The protagonist of the novel, he is the son of an emperor and confined to the happy valley until ready to rule. He resents this situation and devises a way to leave and travel the world. Once outside, he explores a number of avenues in his quest to discover what his "choice of life" ought to be, and what will make him happy on earth. He is generally smart, keen-witted, and rational, and submits to the guidance of Imlac. He ultimately decides to return to Abissinia. Although he would wish to run a little kingdom according to his ideas of governance, his ultimate fate is unknown.
The ruler of Abissinia who decrees that, according to tradition, his children should stay ensconced in the happy valley. He visits infrequently and they do not have much of a relationship.
The sister of Rasselas, she accompanies him out of the happy valley and seeks to learn what might bring about happiness on earth. She possesses some of the mindset and trappings of wealth and aristocracy, but learns that they do not bring about happiness. She is also used by Johnson as an example of how one must take care in approaching grief and suffering; the loss of Pekuah is particularly hard for her. By the end of the novel she hopes to start a college for women, but apparently abandons the idea.
One of Rasselas's teachers, he spies on him to learn the cause of his misery and encourages him to be happy and ignore his misgivings about the valley.
A Turkish-appointed viceroy and the highest title of honor in the Ottoman Empire. The Bassa was often assumed to be corrupt and despotic. This one is caught up in his own affairs and does little to help out his subjects.
Also known as the engineer, he creates a flying contraption and believes whole-heartedly that it will work. Rasselas is intrigued by the man and admires his courage, but the contraption fails and the artist plunges into the lake.
A wise philosopher, Imlac befriends and subsequently counsels Rasselas and his sister. He is the son of a wealthy man and was encouraged to use his life to make money, but Imlac devotes his life to travel and the pursuit of knowledge. He is frank in his assertion that there is nothing in life that can be counted on to bring about happiness, and seeks to keep Rasselas and Nekayah rational, thoughtful, and perspicacious.
A wealthy and honest merchant, he wanted his son to follow in his footsteps and increase the family wealth. He gave him gold and told him to do with it what he wished, as a sort of test, which allowed Imlac to go out into the world to travel and learn. Imlac never saw him again.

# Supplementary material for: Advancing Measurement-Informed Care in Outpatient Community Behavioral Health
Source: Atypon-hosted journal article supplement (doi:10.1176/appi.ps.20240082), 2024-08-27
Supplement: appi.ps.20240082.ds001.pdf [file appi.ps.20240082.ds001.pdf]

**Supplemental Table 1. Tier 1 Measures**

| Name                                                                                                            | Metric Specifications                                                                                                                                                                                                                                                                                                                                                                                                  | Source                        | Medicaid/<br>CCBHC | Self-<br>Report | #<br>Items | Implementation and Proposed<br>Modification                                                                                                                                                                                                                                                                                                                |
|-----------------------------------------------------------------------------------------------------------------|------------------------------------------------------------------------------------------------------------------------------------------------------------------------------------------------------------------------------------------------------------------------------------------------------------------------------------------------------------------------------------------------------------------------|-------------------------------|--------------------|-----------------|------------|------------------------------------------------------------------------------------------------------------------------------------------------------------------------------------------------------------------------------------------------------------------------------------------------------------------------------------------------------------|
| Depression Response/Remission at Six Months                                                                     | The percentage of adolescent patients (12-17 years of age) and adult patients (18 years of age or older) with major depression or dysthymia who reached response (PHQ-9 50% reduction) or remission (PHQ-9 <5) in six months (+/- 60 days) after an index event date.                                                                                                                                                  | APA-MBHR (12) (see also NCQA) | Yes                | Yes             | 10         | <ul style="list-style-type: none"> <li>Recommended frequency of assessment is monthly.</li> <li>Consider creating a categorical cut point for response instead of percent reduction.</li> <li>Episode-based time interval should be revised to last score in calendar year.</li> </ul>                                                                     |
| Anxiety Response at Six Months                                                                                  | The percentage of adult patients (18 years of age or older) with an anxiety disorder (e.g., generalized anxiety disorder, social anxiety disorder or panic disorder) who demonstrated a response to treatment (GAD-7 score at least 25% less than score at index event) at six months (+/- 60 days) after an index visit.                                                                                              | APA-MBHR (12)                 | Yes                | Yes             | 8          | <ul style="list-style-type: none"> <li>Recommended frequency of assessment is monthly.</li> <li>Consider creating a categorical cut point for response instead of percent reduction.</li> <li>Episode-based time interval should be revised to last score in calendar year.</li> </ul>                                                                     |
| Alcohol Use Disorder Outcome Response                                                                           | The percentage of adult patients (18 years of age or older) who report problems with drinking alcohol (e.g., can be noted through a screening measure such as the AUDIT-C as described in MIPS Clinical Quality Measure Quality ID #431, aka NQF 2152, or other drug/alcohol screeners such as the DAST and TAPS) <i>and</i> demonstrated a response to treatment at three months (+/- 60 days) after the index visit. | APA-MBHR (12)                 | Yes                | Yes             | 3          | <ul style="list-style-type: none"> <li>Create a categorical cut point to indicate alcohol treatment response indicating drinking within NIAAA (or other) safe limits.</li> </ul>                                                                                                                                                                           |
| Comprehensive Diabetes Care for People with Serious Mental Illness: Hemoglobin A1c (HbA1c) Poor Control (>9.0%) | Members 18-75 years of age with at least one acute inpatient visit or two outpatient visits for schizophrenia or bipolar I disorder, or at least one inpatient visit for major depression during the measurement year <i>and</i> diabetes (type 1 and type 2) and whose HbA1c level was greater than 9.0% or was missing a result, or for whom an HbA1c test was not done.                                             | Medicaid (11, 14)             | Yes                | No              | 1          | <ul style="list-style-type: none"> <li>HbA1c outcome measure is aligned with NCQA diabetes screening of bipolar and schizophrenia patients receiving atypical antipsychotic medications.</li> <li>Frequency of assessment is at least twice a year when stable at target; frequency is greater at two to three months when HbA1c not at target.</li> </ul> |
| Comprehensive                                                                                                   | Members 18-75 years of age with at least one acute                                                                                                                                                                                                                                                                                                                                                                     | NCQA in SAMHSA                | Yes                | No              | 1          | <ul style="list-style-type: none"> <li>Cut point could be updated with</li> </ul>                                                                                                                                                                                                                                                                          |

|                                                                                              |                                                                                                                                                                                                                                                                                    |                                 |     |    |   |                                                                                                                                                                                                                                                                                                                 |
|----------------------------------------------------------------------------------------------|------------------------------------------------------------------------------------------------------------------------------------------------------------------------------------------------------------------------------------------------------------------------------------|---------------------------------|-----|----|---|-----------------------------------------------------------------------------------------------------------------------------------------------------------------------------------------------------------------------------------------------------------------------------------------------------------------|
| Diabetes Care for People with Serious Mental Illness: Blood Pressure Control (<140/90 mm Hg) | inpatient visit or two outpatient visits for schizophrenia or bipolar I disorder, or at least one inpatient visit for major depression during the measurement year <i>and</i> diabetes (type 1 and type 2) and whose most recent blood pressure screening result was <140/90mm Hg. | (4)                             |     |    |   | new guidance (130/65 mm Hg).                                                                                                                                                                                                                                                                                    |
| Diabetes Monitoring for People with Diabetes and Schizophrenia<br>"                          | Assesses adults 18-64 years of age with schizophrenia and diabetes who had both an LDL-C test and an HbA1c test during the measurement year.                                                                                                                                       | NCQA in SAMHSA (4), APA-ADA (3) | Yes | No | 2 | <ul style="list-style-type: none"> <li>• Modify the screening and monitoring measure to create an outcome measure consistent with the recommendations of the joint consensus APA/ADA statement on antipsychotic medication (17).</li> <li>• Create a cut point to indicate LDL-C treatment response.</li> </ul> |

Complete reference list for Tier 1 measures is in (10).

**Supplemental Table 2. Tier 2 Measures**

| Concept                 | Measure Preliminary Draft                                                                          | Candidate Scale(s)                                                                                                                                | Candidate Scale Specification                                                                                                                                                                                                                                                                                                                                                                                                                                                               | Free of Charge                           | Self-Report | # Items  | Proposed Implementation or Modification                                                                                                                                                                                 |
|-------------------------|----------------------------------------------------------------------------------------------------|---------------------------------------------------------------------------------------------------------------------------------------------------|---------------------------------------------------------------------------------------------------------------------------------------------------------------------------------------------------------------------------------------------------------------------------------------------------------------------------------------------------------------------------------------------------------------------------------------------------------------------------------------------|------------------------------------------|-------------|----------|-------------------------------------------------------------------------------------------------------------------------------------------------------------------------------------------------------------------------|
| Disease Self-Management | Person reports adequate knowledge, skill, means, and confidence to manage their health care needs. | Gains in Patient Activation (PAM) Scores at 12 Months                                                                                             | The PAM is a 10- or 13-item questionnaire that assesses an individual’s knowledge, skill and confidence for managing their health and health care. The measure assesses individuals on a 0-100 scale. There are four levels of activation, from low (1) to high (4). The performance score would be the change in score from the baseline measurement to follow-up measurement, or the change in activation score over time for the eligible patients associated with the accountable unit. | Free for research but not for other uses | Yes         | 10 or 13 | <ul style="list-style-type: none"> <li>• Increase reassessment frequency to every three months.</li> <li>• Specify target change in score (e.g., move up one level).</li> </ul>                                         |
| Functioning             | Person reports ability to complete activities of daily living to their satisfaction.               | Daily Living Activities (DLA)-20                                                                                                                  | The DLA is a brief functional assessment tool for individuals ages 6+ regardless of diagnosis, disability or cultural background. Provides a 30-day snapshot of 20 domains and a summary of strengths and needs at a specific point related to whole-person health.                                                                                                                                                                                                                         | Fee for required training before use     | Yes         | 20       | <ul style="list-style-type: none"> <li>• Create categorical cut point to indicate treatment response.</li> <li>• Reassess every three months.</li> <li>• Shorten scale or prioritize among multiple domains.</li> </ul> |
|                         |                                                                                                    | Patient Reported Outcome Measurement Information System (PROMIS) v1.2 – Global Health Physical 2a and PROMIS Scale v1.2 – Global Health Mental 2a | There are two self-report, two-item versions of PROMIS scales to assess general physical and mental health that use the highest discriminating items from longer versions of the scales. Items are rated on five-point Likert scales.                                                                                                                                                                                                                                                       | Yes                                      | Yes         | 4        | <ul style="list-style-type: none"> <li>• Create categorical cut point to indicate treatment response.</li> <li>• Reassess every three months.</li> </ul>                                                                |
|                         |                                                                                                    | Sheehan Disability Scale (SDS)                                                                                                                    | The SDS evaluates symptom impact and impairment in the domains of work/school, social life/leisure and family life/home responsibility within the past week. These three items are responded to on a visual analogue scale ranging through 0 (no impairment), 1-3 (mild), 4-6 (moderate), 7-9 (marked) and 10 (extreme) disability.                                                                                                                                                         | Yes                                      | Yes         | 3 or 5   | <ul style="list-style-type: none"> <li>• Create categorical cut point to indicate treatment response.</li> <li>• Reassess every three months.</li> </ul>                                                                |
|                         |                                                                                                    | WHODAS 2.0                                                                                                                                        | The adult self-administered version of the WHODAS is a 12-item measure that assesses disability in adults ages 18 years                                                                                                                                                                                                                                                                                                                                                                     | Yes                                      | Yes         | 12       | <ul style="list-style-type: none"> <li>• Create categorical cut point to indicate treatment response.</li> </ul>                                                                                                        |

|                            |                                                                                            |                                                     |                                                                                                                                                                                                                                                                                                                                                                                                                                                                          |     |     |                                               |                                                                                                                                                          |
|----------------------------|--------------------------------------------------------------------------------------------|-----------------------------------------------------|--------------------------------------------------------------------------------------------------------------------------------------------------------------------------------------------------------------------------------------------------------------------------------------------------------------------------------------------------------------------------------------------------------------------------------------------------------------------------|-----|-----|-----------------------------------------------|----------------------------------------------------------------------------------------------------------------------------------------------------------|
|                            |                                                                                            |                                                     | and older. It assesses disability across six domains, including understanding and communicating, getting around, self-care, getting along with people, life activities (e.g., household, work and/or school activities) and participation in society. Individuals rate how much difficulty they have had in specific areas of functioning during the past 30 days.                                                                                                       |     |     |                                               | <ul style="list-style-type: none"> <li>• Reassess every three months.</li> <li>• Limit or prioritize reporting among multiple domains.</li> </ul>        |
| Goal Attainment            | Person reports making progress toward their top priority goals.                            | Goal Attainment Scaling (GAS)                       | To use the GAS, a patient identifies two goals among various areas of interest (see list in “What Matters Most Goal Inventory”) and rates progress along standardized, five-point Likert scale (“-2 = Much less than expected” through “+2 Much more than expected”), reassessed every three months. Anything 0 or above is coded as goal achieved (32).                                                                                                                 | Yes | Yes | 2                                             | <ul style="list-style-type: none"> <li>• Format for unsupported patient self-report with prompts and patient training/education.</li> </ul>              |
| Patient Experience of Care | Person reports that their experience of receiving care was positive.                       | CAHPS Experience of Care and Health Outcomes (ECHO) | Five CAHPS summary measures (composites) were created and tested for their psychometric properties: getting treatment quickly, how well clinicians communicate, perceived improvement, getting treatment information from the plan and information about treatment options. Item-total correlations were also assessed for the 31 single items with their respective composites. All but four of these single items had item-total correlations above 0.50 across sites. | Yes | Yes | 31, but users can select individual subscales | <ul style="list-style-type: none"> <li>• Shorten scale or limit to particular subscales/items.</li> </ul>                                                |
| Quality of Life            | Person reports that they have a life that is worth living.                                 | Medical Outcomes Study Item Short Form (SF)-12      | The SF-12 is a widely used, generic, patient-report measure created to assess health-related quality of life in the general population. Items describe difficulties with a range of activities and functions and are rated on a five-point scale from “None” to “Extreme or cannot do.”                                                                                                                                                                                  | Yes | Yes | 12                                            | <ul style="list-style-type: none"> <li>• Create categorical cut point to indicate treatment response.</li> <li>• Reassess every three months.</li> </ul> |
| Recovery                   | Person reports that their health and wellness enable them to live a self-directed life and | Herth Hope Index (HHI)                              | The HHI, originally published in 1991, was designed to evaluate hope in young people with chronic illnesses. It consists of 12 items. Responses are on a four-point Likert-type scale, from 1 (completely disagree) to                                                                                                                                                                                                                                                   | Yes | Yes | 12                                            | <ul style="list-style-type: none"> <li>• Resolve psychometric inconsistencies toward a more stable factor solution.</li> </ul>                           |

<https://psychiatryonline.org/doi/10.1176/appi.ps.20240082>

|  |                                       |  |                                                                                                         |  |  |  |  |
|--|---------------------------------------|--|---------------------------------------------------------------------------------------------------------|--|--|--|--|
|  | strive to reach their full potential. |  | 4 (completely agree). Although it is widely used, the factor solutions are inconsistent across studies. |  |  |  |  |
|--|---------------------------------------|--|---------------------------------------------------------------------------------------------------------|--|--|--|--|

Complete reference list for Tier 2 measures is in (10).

Nekayah's favorite companion, she notably gets abducted by the Arabs and spends time in their society. She is smart and savvy, and begins to enjoy her education in astronomy. She parlays that into meeting with the astronomer. Her great goal, though, is peace and quiet, and if given her choice of life, she would reside in the monastery where she was exchanged for ransom.
The chieftain by whose orders Pekuah and her maids are abducted, he is chivalrous and intelligent but motivated by money. He treats Pekuah well, finds her more interesting than his own women, and teaches her astronomy. He eventually frees her for a ransom.
A learned man who lives and works in solitude, he befriends Imlac and confesses his secret to him - that he is in control of the weather. This lapse of mental clarity is a lesson regarding the folly of solitude. He is eventually brought back to sanity through the visits of Pekuah and Nekayah, and his engagement in the pursuits of life once more.
The History of Rasselas: Prince of Abissinia Questions and Answers
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Rasselas is twenty-six years old; he is the fourth son of the emperor of Egypt. He and other of the family line are kept prisoner in a beautiful valley of Amhara. He has ever wish granted him, is intelligent, well-versed, and wee taken care, but...
Samuel Johnson’s “The History of Rasselas, Prince of Abyssinia” is a fascinating way to present someone who is in search of happiness and ‘choice of life.’ Rasselas points out that he is discontented with the current situation he is in while...
Essays for The History of Rasselas: Prince of Abissinia
The History of Rasselas: Prince of Abissinia essays are academic essays for citation. These papers were written primarily by students and provide critical analysis of The History of Rasselas: Prince of Abissinia by Samuel Johnson.